What it looks like now

As we got to the waterfront, you could see that the road leading to the first bridge, a double span with lanes for bicycles, vehicles and pedestrians was finally open and clear. Now I say open, but really only one span was actually operational so us walkers had to share with bicycles, but we were able to walk across the bridge and onto the Portlands. There was still a lot of construction going on, and we did have to avoid excavators and dump trucks, but although landscaping still has to be completed, you could see clearly what this would look like when finished, and it should be very nice.

Built in Nova Scotia

Once across the bridge, we could continue on across the bridge we previously explored on into the actual working Portlands, or we could walk down a new wide avenue to the fourth bridge which crossed the “Artificial River”. Having done the other bridge, we chose to walk down to the one we had not visited. The road across this bridge continued down along the waterfront into another industrial area, but the bridge crossed a man-made river which winds through the Portlands and will eventually connect the Don River wth Lake Ontario, allowing it to flow peacefully through a newly designed recreational park rather than just dumping into the mostly unused Keating ship channel. 

These four bridges and the artificial river are just the first part of an ambitious 1.3 billion flood protection and revitalization project for the Portlands. There will be a section of the project that will be used for more Toronto High Rise Condos and a large section will be landscaped and reforested into a beautiful recreational area. As we walked across the fourth bridge, we could see the work being done in the area and it is easy to imagine what it will look like when finished. The “river” has water in it, but is not yet connected with the real river and many little trees already line its banks.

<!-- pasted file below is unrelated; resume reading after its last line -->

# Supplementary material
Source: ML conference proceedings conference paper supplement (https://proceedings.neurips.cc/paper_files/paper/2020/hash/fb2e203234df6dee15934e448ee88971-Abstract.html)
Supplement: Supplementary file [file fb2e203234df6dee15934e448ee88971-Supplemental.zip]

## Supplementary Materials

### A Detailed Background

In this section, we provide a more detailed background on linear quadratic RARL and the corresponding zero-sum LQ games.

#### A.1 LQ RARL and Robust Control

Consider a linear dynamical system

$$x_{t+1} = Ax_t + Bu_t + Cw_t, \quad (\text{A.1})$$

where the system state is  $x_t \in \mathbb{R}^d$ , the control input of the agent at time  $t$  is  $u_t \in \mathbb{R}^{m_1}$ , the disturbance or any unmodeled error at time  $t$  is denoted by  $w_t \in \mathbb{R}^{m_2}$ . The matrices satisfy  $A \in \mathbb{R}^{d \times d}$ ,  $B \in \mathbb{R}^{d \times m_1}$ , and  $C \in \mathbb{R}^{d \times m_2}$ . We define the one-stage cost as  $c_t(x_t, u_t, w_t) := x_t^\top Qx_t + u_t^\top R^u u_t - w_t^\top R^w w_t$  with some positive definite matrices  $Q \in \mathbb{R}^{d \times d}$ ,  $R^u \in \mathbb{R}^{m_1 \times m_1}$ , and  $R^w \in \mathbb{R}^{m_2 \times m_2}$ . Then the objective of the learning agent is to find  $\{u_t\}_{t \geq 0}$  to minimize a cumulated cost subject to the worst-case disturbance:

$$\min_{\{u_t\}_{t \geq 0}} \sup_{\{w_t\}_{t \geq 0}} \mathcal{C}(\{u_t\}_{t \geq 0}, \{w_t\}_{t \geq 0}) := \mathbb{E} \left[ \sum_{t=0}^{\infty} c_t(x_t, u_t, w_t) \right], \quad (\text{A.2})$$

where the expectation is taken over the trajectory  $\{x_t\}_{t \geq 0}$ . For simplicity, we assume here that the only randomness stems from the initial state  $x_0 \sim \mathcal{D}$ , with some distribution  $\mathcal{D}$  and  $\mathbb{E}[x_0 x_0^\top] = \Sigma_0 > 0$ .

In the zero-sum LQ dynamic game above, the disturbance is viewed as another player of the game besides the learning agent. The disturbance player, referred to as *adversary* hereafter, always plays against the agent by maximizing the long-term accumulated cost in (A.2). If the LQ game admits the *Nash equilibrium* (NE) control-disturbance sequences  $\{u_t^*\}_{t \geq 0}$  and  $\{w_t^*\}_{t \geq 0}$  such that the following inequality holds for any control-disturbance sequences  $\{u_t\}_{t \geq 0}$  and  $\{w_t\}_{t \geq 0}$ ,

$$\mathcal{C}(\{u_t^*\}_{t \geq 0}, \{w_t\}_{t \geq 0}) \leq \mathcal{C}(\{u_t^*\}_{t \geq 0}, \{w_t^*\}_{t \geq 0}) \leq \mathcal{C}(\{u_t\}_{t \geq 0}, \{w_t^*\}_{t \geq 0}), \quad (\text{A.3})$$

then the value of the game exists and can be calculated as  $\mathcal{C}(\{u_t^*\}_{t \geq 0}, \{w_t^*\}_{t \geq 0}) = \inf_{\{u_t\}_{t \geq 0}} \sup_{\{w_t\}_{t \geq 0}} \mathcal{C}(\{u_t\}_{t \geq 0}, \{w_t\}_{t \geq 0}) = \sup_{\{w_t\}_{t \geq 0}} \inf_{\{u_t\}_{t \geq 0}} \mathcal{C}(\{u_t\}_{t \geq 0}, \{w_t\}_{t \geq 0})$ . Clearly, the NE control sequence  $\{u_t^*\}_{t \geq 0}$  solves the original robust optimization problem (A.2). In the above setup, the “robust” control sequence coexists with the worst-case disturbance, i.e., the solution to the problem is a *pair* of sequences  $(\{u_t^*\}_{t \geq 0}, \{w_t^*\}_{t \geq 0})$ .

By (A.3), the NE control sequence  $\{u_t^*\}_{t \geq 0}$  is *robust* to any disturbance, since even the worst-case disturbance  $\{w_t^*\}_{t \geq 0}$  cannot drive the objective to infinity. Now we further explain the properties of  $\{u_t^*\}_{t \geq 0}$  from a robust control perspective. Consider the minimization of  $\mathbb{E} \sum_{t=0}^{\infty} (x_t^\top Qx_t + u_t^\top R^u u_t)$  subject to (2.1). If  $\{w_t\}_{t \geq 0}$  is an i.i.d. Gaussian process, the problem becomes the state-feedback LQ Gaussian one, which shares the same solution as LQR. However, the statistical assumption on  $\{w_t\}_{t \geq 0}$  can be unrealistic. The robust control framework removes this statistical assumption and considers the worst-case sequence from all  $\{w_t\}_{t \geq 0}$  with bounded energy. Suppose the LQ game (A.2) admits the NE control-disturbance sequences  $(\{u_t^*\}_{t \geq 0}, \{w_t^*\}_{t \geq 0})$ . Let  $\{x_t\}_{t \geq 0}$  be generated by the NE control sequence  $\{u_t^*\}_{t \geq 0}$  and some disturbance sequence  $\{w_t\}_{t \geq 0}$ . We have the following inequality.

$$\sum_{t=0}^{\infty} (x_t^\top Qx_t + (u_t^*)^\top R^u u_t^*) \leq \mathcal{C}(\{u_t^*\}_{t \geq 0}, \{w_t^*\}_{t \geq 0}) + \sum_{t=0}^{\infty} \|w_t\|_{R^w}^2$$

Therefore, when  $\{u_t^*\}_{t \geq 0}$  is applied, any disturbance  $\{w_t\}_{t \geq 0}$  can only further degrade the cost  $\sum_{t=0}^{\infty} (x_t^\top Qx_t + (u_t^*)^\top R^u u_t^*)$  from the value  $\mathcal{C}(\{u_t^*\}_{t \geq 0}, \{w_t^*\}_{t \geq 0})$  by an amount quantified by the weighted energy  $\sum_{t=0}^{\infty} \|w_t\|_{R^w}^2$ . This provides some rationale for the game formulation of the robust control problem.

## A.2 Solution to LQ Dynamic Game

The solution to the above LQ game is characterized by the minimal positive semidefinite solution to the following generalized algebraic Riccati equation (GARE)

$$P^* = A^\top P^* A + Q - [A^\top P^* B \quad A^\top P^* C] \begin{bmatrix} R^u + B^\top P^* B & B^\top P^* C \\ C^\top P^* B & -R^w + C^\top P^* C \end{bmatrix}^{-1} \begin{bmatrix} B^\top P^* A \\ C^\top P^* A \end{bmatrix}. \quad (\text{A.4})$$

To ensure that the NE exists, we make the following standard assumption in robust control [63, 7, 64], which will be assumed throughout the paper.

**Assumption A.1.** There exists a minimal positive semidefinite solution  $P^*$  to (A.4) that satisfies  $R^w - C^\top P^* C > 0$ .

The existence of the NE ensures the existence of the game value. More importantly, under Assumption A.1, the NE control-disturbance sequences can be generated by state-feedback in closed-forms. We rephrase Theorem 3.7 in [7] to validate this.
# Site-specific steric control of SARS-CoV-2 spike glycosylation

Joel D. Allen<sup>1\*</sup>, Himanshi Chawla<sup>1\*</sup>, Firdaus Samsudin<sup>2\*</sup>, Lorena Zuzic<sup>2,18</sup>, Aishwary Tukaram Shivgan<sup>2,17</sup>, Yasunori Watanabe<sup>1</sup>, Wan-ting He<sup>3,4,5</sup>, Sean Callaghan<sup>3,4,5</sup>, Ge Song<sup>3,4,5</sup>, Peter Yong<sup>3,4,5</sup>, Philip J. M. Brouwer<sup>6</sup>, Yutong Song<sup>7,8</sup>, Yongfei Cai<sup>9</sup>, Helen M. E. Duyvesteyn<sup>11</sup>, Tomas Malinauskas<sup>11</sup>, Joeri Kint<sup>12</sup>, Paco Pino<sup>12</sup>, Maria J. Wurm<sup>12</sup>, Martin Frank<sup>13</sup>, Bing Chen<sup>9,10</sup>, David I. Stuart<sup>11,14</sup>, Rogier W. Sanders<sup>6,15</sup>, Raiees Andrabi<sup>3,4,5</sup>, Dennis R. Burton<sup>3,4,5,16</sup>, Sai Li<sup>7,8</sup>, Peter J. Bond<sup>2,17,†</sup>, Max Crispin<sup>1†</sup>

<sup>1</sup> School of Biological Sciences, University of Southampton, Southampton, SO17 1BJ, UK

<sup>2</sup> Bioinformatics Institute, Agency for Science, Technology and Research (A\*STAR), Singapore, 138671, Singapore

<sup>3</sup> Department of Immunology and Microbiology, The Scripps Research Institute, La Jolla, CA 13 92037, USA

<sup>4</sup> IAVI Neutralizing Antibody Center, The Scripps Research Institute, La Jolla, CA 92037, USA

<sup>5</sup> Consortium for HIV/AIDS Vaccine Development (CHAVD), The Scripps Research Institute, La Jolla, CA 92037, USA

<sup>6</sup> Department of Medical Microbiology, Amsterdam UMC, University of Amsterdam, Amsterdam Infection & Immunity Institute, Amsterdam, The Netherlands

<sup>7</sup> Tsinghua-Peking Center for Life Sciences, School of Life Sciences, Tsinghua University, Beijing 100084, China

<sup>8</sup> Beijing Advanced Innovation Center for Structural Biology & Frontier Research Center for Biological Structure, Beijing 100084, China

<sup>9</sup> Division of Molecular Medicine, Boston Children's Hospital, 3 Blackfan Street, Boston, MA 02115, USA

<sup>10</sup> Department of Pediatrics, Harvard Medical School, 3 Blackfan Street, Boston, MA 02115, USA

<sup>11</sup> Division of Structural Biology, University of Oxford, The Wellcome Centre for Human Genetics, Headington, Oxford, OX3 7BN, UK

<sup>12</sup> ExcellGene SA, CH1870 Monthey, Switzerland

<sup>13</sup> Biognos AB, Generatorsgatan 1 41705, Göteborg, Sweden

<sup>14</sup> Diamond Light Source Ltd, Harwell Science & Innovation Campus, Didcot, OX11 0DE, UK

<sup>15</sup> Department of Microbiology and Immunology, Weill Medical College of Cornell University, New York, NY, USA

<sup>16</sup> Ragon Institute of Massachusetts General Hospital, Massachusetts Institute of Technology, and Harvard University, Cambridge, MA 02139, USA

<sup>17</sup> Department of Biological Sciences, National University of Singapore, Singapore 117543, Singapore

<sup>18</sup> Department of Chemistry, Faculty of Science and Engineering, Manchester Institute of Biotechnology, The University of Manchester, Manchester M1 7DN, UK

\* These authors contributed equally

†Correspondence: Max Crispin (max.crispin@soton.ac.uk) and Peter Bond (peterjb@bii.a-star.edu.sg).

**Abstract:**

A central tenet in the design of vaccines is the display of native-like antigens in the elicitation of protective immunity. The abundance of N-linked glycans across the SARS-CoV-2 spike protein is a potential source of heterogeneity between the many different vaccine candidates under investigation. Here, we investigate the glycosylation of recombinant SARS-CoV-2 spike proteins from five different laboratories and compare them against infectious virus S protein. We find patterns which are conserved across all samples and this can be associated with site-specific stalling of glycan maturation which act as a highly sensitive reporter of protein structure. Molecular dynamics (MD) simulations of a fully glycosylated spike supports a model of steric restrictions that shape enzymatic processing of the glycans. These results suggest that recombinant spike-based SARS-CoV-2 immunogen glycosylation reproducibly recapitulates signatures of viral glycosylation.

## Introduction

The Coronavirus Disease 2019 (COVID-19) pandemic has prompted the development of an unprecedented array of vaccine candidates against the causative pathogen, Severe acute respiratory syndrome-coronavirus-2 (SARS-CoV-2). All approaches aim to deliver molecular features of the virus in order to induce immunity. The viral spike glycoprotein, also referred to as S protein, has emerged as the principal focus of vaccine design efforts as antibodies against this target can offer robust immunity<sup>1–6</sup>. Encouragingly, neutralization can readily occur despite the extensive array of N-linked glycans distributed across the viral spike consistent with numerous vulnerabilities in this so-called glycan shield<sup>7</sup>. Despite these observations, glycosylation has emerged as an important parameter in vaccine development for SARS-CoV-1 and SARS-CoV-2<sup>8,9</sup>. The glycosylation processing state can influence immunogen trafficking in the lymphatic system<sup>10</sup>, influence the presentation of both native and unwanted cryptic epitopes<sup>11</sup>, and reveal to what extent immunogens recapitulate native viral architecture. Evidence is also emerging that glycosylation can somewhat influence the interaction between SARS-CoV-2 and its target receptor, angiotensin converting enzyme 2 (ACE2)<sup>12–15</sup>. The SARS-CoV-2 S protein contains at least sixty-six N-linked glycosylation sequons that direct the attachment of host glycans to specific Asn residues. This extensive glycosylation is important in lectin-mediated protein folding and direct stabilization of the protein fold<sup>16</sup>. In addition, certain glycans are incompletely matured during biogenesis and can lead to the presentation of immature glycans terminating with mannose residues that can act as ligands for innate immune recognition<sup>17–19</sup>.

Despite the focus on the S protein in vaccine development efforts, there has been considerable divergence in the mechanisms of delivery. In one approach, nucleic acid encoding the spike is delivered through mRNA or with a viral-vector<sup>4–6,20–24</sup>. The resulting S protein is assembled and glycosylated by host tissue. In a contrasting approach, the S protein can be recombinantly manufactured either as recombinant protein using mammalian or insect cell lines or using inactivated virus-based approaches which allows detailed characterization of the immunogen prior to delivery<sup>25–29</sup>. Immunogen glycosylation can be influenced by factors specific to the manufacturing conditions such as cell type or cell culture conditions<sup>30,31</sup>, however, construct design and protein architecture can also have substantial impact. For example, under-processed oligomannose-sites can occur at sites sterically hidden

The River Ends Here for Now

Now those proposed condos will be in an amazing prime location, so I can only imagine they will become very popular locations and I am sure they will be very pricey, as they will have beautiful views, parkland next door, and are still right downtown Toronto. I wonder what they will cost?

The Ship Canal

Toronto from the new bridge

Those dirt piles will one day be condos

The Bridge and the River

This will be recreational parkland when finished

Tuesday, February 13, 2024

Back on the Beltline

Back on October 2, 2018, I wrote a post about walking the Beltline Trail, where we started at Yonge St. and walked north on this trail which is on an old railway bed. Today we walked another section of the Beltline trail, this time from the same start location but walking south to explore a section of the trail that was really a vastly different experience from the previous walk. 

A unique grave marker

Back in 2018, we were staying in our son’s condo in Midtown,  just a short walk from the trail, but our current condo is downtown so we took the subway up Yonge St. to Midtown and walked the trail back down towards our new location. 

The first part of the walk was obviously on the old rail-bed, but then the trail turns and detours through the large Mount Pleasant Cemetery and then down into the Moore park Ravine, so I do not think this section of the trail continues to directly follow the route of the old railway. Those old locomotives would have struggled to get up and down from the deep ravine. 

Down under the city

The trail itself is really pleasant, as you drop down into the ravine and the ever present skyscrapers of the big city disappear into nature. I recall back in the 70’s when I was here on a training course being amazed at these beautiful forested trails running through the city and they continue to provide a serene walking experience within Canada’s largest, busiest city. Walking in the winter means that the trees are mostly leafless, so we do see some huge houses  of wealthy Torontonians bordering the ravines but in other seasons the city is mostly blocked out.